Chapter

Luke 9:62

ESV Jesus said to him, “No one who puts his hand to the plow and looks back is fit for the kingdom of God.”
NIV Jesus replied, 'No one who puts a hand to the plow and looks back is fit for service in the kingdom of God.'
NASB But Jesus said to him, 'No one, after putting his hand to the plow and looking back, is fit for the kingdom of God.'
CSB But Jesus said to him, "No one who puts his hand to the plow and looks back is fit for the kingdom of God."
NLT But Jesus told him, 'Anyone who puts a hand to the plow and then looks back is not fit for the Kingdom of God.'
KJV And Jesus said unto him, No man, having put his hand to the plough, and looking back, is fit for the kingdom of God.

What does Luke 9:62 mean?

Luke has been using short pericopes—segments of a text—to show what Jesus expects from His disciples. Most shockingly, He expects them to accept that He is going to die (Luke 9:43–45). He wants them to live in servanthood, not ambition (Luke 9:46–48). He wants them to recognize an ally, even they are not part of the group (Luke 9:49–50). And He wants them to know when it's time to peacefully move on (Luke 9:51–56).

In Luke 9:57–62, he includes three short stories about how counter-cultural Jesus-followership is. A scribe may wish to learn from Jesus, but he shouldn't expect the hospitality and comfort traveling teachers and miracle-workers usually try to elicit from their audience (Luke 9:57–58; Matthew 8:19–20). A nominal disciple of Jesus learns that following Him may require abandoning the deeply rooted responsibilities he has as a family member (Luke 9:59–60; Matthew 8:21–22). Finally, a man who wishes to say farewell to his family learns that Jesus' mission is too important and urgent for even those delays (Luke 9:61).

Near the end of Elijah's ministry, God told him to call Elisha to take his place. Elijah found Elisha plowing a field with twelve yoke of oxen and placed his cloak on the younger man's shoulders. Elisha knew what this meant and asked permission to say goodbye to his parents. With Elijah's permission, Elisha sacrificed the oxen, boiled the flesh, and threw a party for the people. Only then did Elisha follow Elijah (1 Kings 19:19–21).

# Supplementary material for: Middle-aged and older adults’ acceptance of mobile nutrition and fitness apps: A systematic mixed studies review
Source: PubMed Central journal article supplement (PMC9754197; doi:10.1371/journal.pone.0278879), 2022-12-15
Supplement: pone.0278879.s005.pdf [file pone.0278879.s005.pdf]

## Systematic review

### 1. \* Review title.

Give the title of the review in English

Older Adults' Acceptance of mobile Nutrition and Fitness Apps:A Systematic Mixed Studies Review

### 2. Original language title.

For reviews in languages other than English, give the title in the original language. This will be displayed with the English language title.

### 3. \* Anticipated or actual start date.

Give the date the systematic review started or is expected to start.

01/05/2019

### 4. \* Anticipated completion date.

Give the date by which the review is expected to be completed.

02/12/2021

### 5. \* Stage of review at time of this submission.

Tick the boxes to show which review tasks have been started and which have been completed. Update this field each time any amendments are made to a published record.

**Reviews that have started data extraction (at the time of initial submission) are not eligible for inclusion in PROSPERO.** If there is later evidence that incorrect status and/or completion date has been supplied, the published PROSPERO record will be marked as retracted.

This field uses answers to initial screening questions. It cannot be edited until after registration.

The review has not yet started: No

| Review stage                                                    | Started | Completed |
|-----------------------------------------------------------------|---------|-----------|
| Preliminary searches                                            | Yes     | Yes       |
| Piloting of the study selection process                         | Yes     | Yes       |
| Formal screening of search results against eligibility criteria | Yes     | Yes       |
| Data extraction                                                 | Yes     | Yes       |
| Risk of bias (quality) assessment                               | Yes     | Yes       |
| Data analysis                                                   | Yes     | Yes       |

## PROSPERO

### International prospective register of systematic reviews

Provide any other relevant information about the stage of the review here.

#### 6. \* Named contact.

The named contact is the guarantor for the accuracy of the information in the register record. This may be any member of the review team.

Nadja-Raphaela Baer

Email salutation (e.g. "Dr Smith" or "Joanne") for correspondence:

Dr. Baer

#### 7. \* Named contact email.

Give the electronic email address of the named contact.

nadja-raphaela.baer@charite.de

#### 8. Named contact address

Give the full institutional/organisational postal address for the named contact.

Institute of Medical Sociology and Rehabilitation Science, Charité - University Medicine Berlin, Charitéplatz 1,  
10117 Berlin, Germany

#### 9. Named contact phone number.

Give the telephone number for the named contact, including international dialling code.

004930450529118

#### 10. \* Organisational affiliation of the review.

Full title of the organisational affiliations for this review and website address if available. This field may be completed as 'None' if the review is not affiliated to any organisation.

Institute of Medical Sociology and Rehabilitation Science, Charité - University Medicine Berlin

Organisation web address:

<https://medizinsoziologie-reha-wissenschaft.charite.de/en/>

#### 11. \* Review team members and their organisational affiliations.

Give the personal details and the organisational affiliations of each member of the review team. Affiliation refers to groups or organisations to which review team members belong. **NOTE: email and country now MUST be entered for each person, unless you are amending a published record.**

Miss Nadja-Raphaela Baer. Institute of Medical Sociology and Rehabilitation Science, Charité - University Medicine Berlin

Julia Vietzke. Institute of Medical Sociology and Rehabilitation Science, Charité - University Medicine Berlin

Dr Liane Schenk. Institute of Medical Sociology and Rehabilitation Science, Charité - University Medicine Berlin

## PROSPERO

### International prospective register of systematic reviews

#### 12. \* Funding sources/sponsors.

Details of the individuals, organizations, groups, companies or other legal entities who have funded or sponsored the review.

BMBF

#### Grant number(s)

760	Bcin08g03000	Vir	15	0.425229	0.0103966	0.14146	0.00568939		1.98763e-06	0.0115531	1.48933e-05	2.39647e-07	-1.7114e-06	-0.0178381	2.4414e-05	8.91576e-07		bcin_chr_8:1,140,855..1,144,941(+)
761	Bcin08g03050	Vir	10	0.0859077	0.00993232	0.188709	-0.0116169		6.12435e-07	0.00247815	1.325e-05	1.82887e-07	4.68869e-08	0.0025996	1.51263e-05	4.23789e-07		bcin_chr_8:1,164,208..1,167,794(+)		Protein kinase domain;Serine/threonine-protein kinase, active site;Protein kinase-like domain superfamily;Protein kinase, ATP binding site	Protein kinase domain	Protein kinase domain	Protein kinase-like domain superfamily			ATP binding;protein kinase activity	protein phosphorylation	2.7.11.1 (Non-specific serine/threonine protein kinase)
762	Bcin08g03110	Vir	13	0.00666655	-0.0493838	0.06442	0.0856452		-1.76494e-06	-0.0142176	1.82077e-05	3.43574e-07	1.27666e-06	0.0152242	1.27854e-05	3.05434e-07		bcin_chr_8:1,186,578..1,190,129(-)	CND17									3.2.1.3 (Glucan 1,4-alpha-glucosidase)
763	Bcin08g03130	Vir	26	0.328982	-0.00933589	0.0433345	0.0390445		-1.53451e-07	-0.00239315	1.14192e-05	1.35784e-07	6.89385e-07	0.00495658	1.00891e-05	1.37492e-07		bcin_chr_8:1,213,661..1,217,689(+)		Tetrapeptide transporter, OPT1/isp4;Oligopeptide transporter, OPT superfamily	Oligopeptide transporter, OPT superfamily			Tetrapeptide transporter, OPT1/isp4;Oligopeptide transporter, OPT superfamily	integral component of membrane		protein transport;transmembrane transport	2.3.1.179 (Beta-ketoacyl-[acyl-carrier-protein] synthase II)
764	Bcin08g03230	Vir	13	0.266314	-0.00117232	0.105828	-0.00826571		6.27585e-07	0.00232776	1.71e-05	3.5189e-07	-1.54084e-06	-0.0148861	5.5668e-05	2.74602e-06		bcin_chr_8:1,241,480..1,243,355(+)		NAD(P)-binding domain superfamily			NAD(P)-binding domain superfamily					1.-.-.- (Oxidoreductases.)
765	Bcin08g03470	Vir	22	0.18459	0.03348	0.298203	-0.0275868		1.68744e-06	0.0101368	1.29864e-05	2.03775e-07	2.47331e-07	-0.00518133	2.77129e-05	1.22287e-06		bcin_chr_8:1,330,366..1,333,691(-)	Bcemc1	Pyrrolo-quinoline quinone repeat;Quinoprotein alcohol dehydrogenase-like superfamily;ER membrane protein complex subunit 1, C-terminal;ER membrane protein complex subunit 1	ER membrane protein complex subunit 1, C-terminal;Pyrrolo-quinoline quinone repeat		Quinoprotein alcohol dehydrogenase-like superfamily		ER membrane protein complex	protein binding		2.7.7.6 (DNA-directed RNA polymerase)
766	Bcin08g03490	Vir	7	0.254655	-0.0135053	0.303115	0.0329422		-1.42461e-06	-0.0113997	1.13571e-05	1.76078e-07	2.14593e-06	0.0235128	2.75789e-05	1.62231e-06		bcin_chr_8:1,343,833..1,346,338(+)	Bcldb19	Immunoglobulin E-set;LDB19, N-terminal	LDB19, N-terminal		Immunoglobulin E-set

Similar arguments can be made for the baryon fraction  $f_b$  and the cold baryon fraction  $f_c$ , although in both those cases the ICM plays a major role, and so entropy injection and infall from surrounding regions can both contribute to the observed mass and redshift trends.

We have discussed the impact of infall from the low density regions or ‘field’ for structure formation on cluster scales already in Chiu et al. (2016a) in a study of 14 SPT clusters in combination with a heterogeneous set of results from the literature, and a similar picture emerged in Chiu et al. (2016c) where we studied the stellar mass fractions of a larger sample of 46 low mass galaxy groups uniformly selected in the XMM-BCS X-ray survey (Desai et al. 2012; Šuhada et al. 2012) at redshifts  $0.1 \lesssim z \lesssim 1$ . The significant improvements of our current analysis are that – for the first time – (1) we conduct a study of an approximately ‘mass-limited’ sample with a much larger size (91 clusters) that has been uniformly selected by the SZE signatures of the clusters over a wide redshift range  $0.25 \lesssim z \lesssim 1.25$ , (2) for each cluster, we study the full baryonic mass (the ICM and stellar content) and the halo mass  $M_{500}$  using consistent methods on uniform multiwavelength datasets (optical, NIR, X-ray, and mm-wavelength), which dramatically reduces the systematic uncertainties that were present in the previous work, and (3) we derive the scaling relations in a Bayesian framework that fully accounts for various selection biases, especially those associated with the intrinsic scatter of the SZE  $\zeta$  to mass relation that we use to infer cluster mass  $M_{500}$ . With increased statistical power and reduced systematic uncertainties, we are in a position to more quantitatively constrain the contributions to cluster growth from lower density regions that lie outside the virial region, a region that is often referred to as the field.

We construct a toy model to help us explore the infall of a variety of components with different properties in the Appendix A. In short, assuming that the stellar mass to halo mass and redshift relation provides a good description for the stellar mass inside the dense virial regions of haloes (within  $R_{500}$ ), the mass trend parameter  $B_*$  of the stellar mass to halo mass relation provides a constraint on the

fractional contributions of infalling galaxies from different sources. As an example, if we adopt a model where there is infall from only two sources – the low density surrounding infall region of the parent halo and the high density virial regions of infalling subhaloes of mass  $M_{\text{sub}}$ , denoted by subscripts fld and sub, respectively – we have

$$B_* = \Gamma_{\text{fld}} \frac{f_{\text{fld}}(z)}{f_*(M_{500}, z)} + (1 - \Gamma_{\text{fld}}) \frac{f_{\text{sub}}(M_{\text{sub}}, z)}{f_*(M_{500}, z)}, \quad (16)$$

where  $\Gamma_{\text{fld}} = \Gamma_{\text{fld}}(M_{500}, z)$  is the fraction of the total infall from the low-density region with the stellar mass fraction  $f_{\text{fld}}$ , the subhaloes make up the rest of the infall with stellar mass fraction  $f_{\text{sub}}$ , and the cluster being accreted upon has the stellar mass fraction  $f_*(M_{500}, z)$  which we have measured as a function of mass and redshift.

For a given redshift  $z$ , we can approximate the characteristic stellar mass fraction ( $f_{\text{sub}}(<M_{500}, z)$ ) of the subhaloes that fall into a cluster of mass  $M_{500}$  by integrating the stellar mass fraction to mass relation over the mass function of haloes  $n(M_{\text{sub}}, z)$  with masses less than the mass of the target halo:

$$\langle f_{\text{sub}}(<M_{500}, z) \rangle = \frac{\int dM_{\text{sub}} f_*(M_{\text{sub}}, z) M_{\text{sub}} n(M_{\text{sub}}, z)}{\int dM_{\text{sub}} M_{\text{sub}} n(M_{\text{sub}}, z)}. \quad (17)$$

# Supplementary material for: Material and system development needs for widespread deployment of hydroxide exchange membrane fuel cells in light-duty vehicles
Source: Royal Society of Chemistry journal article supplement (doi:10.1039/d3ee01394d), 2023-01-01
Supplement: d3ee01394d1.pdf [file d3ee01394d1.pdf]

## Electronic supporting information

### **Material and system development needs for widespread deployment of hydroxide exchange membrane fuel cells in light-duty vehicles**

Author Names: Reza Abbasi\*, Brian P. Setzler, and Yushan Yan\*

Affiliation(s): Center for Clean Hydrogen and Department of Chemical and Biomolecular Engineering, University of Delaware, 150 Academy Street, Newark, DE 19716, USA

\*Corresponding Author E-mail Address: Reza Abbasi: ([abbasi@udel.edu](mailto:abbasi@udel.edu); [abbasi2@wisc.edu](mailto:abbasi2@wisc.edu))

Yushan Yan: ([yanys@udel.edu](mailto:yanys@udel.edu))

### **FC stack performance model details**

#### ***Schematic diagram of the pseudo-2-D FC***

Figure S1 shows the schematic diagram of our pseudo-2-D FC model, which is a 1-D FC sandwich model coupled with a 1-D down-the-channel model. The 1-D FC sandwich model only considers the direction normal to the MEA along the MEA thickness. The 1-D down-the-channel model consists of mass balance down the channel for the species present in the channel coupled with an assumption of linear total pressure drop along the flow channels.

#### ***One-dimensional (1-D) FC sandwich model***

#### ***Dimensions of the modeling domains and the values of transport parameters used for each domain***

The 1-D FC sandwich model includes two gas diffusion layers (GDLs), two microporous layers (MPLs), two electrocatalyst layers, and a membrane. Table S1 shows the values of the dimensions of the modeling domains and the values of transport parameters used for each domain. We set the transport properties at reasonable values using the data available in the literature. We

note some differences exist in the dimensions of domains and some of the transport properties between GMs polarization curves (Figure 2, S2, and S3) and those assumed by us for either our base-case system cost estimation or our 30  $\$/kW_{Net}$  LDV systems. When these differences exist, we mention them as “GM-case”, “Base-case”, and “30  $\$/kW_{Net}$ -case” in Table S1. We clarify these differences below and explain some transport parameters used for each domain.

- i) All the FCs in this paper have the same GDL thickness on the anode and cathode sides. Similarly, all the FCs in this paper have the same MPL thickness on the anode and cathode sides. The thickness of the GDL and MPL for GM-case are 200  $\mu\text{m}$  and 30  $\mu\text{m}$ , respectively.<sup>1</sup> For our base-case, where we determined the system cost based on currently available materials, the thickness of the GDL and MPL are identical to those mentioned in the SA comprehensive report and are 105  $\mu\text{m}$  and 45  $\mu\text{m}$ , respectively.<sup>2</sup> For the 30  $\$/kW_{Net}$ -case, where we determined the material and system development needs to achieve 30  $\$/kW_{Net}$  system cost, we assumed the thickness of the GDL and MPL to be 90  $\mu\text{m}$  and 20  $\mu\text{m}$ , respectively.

In this chapter of Luke, people have speculated that Jesus is the second coming of Elijah (Luke 9:8, 18–19). Unlike Elijah, however, Jesus doesn't let this man delay his commission. He needs to leave and follow Jesus now, and not look back on his old life, even to say goodbye.

Luke's point isn't that this poor man didn't get the chance to say goodbye to his family. Nor is he saying that a Jesus-follower can lose salvation. It is true that those who look back by returning to their old way of living show signs that they may not have been saved at all. But Peter's lapse proves that Jesus is willing and able to forgive even the sin of inconsistency (Luke 22:54–62; 24:33–34; John 21:15–19). It is not failure—in the sense of sin—which proves a person is not a follower of Christ, but failure to repent.

Luke is showing that following Jesus is a serious commitment. We can't look back at the past; we need to keep our eyes on our work and where it will take us in the future. Jesus' comment about looking back reflects a modern proverb: "you steer where you look." A person driving a vehicle tends to drift when they take their eyes from the road ahead. If someone is plowing a field and looks back, they will naturally turn and not plow in straight rows. Jesus wants the man to look straight ahead and leave his old life behind.
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